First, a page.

Department of Mathematics and Statistics

Department of Mathematics and Statistics
Department of Mathematics and Statistics
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Department Colloquium - Bob Ross Barmish (U. of Wisconsin-Madison)

Bob Ross Barmish

Friday, December 1st, 2017

Time: 2:30 p.m.  Place: Jeffery Hall 234

Speaker: Bob Ross Barmish, University of Wisconsin-Madison

Title: When the expected value is not expected

Abstract: Our motivation for the research to be described is derived from the following fact: The expected value of a random variable~$X$, denoted~$\mathbb{E}(X)$, is often inconsistent with what human beings may actually expect based on psychological considerations. This is particularly important when predictions involving life-threatening situations arise. To bring this issue into sharp focus, this seminar begins with a set of questions related to the recent rampage of Hurricane Irma in the State of Florida. When the use of empirical data leads to an expected value forecast of storm surge wave height which is unduly pessimistic, will the "boy who cried wolf" effect be in play the next time a hurricane approaches the mainland? On the other hand, if the formally calculated expected wave height is too optimistic, might it be the case that many will take inadequate protective measures? Based on such considerations, we define a new alternative to~$\mathbb{E}(X)$ which we believe is quite useful for "mission critical" situations with downside risk being of paramount concern. We call this new metric the {\it Conservative Expected Value} and denote it by~$\mathbb{CEV}(X)$. In this talk, we provide the technical definition of the $\mathbb{CEV}$, compare it with the classical expected value and describe some aspects of the rich mathematical theory which accompanies it. We also include a description of some of the studies we have conducted using the~$\mathbb{CEV}$ to evaluate historical data.

Bob Ross Barmish (University of Wisconsin): B. Ross Barmish received his Ph.D. degree in electrical engineering from Cornell University in 1975. From 1975 to 1978, he was an Assistant Professor of Engineering and Applied Science at Yale University. From 1978 to 1984, he was as an Associate Professor of Electrical Engineering at the University of Rochester. He joined the University of Wisconsin{Madison in 1984, where he is currently a Professor ofelectrical and computer engineering. His research interests include robustness of dynamical systems, building a bridge between feedback control theory, and trading in complex financial markets. Prof. Barmish was a recipient of the Best Paper Award (1986-1989 and 1990-1992) from the International Federation of Automatic Control, and the 2013 Bode Prize by the IEEE Control Systems Society.

Free Probability Seminar - Pei-Lun Tseng (Queen's University)

Thursday, November 30th, 2017

Time: 4:00-5:30 p.m.  Place: Jeffery Hall 319

Speaker: Pei-Lun Tseng

Title: Infinitesimal Laws of non-commutative random variables, II

Abstract:  In this talk, we will focus on a single type B variable, and introduce the corresponding infinitesimal law. In addition, we will also define the free additive convolution for infinitesimal laws, and to see the relation between the type B laws and the infinitesimal laws.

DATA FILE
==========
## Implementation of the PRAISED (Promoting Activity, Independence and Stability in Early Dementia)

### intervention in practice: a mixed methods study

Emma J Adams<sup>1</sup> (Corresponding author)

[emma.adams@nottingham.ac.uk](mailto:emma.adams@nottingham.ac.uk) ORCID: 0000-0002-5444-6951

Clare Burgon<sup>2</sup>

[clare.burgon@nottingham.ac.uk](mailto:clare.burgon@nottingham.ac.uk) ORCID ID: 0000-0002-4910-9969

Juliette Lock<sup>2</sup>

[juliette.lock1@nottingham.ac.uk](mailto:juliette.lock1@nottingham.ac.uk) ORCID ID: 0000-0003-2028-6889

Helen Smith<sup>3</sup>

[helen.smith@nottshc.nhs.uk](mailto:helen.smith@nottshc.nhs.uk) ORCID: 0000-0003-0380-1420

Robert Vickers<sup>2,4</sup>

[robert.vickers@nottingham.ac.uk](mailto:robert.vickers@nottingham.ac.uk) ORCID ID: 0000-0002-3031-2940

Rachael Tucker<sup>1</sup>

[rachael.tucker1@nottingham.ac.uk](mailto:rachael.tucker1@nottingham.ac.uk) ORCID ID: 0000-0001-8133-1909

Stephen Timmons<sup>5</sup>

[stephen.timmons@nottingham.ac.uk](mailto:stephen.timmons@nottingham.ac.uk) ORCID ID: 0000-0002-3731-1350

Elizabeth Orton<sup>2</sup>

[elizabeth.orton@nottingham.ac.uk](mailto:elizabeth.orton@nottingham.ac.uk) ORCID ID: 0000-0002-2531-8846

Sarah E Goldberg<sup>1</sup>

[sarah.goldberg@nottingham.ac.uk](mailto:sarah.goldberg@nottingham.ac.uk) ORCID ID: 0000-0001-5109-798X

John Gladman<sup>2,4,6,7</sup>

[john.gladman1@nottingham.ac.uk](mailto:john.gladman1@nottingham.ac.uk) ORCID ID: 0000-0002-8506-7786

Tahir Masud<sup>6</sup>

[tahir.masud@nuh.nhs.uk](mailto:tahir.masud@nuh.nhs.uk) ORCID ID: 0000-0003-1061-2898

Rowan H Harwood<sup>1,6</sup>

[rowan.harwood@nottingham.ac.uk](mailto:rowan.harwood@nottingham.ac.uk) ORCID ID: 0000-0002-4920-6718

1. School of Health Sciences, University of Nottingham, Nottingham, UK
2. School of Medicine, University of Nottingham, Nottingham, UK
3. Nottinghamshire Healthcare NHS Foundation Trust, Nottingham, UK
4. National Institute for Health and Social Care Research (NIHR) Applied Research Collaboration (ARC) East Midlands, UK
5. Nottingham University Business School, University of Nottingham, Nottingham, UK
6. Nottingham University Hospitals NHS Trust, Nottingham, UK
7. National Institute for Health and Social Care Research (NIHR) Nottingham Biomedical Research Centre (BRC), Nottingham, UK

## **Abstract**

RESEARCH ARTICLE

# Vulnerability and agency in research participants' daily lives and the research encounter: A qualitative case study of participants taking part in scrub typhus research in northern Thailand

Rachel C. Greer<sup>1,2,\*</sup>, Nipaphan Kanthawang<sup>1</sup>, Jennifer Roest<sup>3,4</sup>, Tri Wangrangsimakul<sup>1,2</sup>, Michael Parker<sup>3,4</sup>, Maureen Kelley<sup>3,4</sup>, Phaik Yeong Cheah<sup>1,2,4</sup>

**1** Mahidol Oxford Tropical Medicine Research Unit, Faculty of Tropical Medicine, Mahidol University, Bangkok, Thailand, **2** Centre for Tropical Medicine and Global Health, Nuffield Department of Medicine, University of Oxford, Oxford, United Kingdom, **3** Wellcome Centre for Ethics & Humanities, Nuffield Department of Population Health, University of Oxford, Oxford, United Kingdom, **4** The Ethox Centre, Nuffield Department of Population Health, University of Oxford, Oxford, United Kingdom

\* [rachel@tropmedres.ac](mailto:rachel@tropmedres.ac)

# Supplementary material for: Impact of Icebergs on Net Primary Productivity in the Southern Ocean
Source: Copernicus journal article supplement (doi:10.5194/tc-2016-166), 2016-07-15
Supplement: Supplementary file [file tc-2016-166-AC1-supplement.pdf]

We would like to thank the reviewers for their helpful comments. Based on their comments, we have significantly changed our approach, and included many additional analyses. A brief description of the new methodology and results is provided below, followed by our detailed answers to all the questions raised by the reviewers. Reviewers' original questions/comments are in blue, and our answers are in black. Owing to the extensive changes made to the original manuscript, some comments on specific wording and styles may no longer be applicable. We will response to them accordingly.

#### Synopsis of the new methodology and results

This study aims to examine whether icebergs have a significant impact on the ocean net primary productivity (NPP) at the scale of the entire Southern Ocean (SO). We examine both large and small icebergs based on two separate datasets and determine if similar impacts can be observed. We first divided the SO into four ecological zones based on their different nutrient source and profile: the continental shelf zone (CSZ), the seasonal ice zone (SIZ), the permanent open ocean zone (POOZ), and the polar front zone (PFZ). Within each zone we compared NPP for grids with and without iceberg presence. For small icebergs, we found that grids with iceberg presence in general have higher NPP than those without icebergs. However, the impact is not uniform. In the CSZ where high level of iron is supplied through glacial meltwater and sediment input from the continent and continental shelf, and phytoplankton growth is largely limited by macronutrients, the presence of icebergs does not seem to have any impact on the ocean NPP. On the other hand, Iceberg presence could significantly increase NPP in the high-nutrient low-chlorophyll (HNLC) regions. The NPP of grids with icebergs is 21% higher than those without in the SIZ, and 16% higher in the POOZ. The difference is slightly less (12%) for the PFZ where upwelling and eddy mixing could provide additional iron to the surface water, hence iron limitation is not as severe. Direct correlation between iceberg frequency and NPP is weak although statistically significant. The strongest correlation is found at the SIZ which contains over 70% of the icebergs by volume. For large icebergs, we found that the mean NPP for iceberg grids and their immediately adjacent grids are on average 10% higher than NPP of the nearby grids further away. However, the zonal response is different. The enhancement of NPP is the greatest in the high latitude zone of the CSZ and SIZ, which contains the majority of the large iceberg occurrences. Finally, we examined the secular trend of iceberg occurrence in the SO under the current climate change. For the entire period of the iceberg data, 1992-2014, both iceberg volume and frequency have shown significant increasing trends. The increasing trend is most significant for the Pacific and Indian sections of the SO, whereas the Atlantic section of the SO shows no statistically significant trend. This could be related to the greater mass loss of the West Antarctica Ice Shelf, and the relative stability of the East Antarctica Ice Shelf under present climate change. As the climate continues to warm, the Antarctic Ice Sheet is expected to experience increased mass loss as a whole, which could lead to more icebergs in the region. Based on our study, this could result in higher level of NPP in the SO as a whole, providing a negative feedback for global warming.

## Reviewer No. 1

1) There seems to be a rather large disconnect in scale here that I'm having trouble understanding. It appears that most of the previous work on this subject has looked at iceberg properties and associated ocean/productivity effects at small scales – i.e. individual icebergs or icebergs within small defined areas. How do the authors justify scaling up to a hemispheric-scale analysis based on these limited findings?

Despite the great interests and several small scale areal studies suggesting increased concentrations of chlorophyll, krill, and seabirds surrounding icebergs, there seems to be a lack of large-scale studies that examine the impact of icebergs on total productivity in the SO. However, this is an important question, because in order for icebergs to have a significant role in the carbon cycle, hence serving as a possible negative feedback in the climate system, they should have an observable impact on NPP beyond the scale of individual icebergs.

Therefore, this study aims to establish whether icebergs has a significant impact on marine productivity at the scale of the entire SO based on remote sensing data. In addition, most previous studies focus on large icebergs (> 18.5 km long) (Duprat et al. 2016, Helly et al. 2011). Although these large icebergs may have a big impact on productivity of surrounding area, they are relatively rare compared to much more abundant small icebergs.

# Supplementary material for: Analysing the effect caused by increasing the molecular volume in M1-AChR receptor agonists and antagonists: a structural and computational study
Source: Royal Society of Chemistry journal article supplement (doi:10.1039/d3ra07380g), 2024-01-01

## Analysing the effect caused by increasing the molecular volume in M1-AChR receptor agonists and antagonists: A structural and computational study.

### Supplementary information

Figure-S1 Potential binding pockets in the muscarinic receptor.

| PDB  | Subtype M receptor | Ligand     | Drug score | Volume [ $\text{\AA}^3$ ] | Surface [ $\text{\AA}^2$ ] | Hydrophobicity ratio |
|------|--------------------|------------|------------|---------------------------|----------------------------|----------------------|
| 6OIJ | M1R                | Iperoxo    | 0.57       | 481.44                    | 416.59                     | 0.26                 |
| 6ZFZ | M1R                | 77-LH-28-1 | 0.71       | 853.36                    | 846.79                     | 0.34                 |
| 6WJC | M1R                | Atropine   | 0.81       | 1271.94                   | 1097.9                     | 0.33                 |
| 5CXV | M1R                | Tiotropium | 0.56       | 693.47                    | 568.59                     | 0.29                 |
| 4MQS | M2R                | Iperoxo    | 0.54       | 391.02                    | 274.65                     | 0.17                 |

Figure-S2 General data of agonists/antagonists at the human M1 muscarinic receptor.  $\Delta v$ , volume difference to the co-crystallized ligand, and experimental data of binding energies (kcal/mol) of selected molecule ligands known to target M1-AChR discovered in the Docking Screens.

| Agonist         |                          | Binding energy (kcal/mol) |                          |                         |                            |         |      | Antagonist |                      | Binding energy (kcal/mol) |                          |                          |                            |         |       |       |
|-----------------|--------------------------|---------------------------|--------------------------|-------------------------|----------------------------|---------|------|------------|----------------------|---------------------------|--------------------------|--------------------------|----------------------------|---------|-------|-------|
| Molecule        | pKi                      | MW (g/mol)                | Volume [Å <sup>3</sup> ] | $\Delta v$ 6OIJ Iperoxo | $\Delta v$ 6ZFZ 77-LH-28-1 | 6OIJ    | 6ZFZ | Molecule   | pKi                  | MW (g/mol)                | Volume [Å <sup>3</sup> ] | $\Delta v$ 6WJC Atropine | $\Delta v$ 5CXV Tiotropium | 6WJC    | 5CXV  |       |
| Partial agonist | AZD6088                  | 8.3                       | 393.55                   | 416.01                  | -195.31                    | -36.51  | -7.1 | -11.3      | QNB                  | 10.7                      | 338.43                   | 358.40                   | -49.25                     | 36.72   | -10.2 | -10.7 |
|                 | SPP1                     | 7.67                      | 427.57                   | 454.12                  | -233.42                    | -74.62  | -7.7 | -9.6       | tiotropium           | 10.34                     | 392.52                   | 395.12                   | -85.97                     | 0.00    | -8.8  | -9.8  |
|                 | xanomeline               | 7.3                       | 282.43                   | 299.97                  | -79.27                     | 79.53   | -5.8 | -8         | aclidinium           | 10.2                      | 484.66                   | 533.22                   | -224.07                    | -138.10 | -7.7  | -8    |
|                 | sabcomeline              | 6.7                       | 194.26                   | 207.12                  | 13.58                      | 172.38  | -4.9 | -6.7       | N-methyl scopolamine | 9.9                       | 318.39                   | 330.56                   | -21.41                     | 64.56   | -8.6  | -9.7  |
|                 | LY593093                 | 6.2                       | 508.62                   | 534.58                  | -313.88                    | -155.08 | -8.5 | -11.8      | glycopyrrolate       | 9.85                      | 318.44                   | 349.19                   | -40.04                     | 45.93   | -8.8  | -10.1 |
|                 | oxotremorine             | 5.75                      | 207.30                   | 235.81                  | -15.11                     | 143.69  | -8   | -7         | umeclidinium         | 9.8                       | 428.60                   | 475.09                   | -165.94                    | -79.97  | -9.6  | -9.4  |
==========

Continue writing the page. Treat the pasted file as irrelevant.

Free Probability and Random Matrices Seminar Webpage:

Special Colloquium - Jason Klusowski (Yale University)

Jason Klusowski

Wednesday, November 29th, 2017

Time: 3:30 p.m.  Place: Jeffery Hall 234

Speaker: Jason Klusowski

Title: Counting motifs and connected components of large graphs via subgraph sampling

Abstract: Learning properties of large graphs from samples is an important problem in statistical network analysis. We revisit the problem of estimating the numbers of connected components in a graph of $N$ vertices based on the subgraph sampling model, where we observe the subgraph induced by $n$ vertices drawn uniformly at random. The key question is whether it is possible to achieve accurate estimation, i.e., vanishing normalized mean-square error, by sampling a vanishing fraction of the vertices. We show that it is possible by accessing only sublinear number of samples if the graph does not contains high-degree vertices or long induced cycles; otherwise it is impossible. Optimal sample complexity bounds are obtained for several classes of graphs including forests, cliques, and chordal graphs. The methodology relies on topological identities of graph homomorphism numbers, which, in turn, also play a key role proving minimax lower bounds based on constructing random instances of graphs with matching structures of small subgraphs. We will also discuss results for the neighborhood sampling model, where we observe the edges between the sampled vertices and their neighbors.

Jason Klusowski (Yale University): Jason M. Klusowski obtained his B.Sc. in Mathematics and Statistics in 2013 from the University of Manitoba, receiving the Robert Ross McLaughlin Scholarship in Mathematics, the Faculty of Science Medal in B.Sc., and the Governor General's Silver Medal. In 2013 he was received the NSERC Alexander Graham Bell Canada Graduate Scholarship and joined Yale University where he is currently a Ph.D. candidate in Statistics and Data Science, under the supervision of Prof. Andrew Barron. Jason Klusowski's research interests include the theoretical and computational aspects of neural networks, approximation algorithms for networks, high-dimensional function estimation, mixture models, and shape constrained estimation.

Number Theory - Multiple Speakers

Wednesday, November 29th, 2017

Time: 1:30 p.m.  Place: Jeffery Hall 319

1st Speaker:  M. Ram Murty